Ira Winderman of the South Florida Sun-Sentinel: "Heat guard Dwyane Wade said it is no coincidence that 2008 Beijing Olympians such as himself, Kobe Bryant and LeBron James have gotten off to strong starts. 'It's a lot made of playing internationally, when they say you're going to be tired coming into the season,' he said in advance of Wednesday night's game against Portland. 'Well, you've got to take care of your body and you've got to be smart about it. But, at the same time, you come in and you're kind of ahead of guys already, because you've been playing competitively, very competitively, and not just open gym. You come in in shape, you come in ready to go. And I think it's showing that guys on the Olympic team are off to a great start.'"
Brian Schmitz of the Orlando Sentinel: "Dwight Howard said Wednesday he has every intention to defend his slam-dunk title in February during all-star weekend in Phoenix. 'I thought about that [Wednesday], actually,' Howard said. 'Trying to think about what dunks I can do.' Howard put on a show last all-star weekend in New Orleans, winning the dunk title with some spectacular moves. He also won the crowd over wearing a Superman cape. Howard said he'll have a new Web site up and running within the next few days, and on it he will ask fans to suggest dunks he can perform. 'I think that will be really cool,' he said."
Jeff Eisenberg of The Press-Enterprise: "Massive purple ads for Harrah's Hotel and Casino paper the walls featuring slogans like 'Game on' and 'Get more playing time.' More Harrah's logo stickers adorn each individ
ual locker. Even in the hallway outside the locker room, there's another Harrah's sign encouraging passersby to 'Run the floor. Then run the tables.' At a time when the NBA is cracking down on gambling in the wake of a betting scandal that tarnished the integrity of the league, Coach Phil Jackson said before Wednesday's game that the advertising sends the wrong signals to players and coaches. 'One side of it is saying don't gamble and the other side is an advertisement for it,' he said. 'But this is a franchise that's led by a great Christian leader (George Shinn). He has prayer before the games. I'm sure he knows what he's doing.' The Harrah's signage appears in the visiting locker room and in other parts of the arena because the New Orleans casino is a longtime corporate sponsor, a Hornets spokesman said. The team has received no complaints about the advertising and does not plan to remove it."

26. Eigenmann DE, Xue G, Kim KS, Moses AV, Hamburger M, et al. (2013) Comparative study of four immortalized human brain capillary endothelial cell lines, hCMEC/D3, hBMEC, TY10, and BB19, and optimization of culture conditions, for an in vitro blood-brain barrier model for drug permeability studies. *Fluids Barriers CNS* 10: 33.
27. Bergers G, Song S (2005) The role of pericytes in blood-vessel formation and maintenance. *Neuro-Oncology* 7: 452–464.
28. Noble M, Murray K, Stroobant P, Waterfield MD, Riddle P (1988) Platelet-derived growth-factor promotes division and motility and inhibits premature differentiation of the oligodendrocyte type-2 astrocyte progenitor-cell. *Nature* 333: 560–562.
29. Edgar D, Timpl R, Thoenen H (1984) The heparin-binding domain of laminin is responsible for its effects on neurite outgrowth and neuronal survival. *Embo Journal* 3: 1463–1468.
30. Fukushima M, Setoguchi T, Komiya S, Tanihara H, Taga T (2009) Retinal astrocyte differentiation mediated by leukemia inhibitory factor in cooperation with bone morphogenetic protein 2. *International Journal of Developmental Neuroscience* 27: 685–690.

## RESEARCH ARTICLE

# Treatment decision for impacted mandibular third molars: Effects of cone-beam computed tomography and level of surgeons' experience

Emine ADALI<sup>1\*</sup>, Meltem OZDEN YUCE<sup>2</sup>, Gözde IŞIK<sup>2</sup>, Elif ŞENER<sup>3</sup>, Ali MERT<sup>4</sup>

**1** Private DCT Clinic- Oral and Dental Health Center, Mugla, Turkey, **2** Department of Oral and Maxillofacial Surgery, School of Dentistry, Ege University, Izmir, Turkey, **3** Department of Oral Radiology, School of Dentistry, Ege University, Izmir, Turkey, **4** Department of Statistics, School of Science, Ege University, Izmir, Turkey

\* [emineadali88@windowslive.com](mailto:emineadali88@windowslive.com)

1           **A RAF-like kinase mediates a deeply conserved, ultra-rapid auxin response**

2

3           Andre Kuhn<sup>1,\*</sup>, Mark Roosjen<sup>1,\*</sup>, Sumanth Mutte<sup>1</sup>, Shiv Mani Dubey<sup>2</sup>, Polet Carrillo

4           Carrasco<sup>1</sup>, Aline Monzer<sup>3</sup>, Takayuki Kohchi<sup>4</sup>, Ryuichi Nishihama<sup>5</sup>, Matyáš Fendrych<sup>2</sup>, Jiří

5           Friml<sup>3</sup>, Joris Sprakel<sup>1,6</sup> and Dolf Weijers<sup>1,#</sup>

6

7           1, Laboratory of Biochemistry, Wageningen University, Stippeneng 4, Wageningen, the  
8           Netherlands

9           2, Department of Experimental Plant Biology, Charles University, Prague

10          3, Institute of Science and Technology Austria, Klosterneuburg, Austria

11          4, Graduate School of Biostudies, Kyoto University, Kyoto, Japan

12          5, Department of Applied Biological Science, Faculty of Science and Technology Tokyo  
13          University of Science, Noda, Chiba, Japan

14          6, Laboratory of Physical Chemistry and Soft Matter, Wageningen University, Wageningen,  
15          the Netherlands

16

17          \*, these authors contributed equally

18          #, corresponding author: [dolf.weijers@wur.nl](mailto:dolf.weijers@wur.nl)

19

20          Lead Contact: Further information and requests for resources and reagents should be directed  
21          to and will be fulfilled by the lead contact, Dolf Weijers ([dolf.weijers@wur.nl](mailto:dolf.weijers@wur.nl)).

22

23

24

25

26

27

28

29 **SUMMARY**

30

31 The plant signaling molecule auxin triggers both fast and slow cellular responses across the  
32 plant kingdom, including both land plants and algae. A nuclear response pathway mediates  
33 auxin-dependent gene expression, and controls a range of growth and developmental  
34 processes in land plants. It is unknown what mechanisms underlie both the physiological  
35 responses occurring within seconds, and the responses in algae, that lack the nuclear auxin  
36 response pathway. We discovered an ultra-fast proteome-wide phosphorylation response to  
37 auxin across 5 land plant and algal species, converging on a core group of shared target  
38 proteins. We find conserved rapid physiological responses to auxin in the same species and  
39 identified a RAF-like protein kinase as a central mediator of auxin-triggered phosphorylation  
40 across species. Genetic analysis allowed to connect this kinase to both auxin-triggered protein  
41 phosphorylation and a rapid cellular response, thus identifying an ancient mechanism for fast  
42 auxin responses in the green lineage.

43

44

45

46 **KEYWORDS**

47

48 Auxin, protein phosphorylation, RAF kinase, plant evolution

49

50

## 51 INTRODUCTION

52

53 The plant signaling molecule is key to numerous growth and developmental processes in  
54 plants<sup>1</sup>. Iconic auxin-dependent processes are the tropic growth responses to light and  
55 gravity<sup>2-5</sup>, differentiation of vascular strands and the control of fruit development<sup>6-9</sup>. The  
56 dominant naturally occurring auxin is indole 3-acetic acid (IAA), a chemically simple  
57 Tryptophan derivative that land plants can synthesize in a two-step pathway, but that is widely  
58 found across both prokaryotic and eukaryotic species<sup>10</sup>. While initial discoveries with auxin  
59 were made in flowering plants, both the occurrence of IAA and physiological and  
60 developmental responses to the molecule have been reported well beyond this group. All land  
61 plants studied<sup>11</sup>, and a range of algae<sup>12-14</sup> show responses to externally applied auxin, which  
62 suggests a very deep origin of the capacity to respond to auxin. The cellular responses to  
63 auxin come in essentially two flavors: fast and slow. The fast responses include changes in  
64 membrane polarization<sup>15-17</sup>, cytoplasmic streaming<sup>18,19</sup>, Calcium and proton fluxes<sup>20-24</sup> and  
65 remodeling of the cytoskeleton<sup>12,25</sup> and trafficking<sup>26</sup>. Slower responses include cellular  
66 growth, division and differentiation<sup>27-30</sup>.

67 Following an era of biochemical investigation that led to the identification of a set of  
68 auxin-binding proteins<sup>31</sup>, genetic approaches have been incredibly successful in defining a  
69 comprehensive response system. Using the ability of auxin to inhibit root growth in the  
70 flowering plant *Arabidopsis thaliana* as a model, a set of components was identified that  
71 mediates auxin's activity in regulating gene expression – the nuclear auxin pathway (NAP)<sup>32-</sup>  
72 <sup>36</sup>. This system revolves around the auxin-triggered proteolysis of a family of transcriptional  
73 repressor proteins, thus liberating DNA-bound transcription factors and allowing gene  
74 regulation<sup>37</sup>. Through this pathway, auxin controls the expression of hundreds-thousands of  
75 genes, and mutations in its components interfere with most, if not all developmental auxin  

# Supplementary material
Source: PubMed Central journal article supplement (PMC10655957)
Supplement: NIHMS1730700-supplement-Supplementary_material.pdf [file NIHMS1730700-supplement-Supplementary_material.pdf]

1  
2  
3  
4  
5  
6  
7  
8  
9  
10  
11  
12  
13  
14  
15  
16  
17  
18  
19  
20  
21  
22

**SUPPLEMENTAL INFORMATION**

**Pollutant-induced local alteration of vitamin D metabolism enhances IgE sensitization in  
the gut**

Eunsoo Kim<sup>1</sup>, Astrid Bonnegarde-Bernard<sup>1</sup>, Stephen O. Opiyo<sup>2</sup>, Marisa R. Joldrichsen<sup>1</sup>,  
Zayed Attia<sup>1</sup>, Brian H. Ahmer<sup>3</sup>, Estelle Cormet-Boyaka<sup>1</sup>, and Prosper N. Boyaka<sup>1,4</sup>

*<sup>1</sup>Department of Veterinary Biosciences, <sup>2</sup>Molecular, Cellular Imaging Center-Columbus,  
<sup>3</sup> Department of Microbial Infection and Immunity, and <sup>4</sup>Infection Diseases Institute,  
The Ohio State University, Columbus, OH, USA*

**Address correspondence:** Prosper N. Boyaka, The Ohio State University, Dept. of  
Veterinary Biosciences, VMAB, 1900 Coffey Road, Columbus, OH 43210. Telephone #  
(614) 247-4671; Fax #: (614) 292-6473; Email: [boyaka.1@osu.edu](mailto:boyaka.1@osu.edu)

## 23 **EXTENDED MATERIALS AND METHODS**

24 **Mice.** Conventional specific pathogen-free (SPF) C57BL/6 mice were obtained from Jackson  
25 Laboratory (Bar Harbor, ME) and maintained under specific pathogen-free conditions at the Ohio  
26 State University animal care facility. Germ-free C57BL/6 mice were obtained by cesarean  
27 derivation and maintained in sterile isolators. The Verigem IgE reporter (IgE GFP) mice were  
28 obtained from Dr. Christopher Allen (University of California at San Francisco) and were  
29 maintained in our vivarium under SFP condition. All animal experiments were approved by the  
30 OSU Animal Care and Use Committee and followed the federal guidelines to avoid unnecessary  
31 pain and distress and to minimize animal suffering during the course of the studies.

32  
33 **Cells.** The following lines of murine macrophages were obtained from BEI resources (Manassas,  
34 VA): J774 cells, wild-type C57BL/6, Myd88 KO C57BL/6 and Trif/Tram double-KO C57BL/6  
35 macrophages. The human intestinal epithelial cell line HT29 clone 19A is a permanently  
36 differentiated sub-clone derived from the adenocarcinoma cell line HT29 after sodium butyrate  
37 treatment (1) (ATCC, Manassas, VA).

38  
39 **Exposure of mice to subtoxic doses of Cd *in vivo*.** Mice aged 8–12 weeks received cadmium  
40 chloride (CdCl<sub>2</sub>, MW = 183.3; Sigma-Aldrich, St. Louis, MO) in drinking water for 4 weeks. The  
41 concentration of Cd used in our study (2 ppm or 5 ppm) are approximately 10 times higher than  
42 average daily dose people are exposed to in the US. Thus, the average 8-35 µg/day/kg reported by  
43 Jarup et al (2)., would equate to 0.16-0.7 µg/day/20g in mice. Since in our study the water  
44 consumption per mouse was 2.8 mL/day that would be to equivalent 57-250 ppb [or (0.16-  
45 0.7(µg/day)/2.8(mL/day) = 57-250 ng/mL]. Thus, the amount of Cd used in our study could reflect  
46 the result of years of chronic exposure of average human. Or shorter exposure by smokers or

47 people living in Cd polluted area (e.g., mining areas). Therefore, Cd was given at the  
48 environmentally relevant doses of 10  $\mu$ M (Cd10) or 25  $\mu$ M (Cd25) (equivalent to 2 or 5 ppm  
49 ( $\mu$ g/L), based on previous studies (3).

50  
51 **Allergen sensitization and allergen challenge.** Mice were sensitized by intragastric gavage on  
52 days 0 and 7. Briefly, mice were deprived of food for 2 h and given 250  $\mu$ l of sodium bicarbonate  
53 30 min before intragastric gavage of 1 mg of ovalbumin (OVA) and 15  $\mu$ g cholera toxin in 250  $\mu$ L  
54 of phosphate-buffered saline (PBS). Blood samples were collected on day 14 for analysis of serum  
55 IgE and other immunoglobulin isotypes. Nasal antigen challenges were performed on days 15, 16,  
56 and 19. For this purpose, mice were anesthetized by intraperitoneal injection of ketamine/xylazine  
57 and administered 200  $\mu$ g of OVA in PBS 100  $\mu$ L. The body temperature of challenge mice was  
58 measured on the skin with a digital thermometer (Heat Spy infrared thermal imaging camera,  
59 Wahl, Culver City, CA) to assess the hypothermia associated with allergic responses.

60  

Tim Kawakami of the San Jose Mercury News: "Warriors now = Portland Trail Blazers a few years ago. I started to figure out the parallels myself, but it always helps to have Buzz Ryan call me up and explain it to me–he had it all squared up way before I did. The Warriors' political, back-stabbing, paranoia and hatchet-man senselessness mirrors the Portland situation of the mid-2000s, when team executive Steve Patterson was running roughshod over the franchise in a devastating purge. The Trail Blazers, to that point, had the most loyal fans in the league. Who went away in droves when they realized they were being taken for granted. Hmm. It wasn't just Patterson, of course, because the years of near-misses and bad behavior of Rasheed Wallace, Isaiah Rider, Bonzi Wells and many others certainly contributed to the bleak atmosphere."
Terry Koshan and Mike Ganter of the Toronto Star: "In a bit of a surprising revelation, Raptors coach Sam Mitchell said it's Andrea Bargnani, and not newcomer Jermaine O'Neal, who might be having a more difficult time getting accustomed to his new surroundings. Bargnani still is coming off the bench, but has been playing with new point guards in Roko Ukic and Will Solomon and not Jose Calderon. 'The problem now is, we are used to having Andrea on the court with Jose, who knew where to get Andrea the basketball,' Mitchell said. 'We are trying to teach two new point guards where Andrea and the other guys like the basketball.'"
Rick Bonnell of The Charlotte Observer: "I just confirmed a story, originally reported by The Sporting News, that the NBA pre-draft camp is no more as we knew it. There will no longer be games or practices for draft candidates. Mass physicals will still take place, and those physicals will likely move back to Chicago from suburban Orlando, where the camp was held the past two years at Disney's Wide World of Sports. ... Player-personnel execs kept complaining about this, and those complaints got back to NBA commissioner David Stern. I'm told Stern attended a competition-committee meeting to pose a simple, firm question: If this is such a waste of time, then why waste so much money running it and flying and housing front-office staffs to attend it? At a time when the economy is doing so badly that question led to dismantling most of the camp."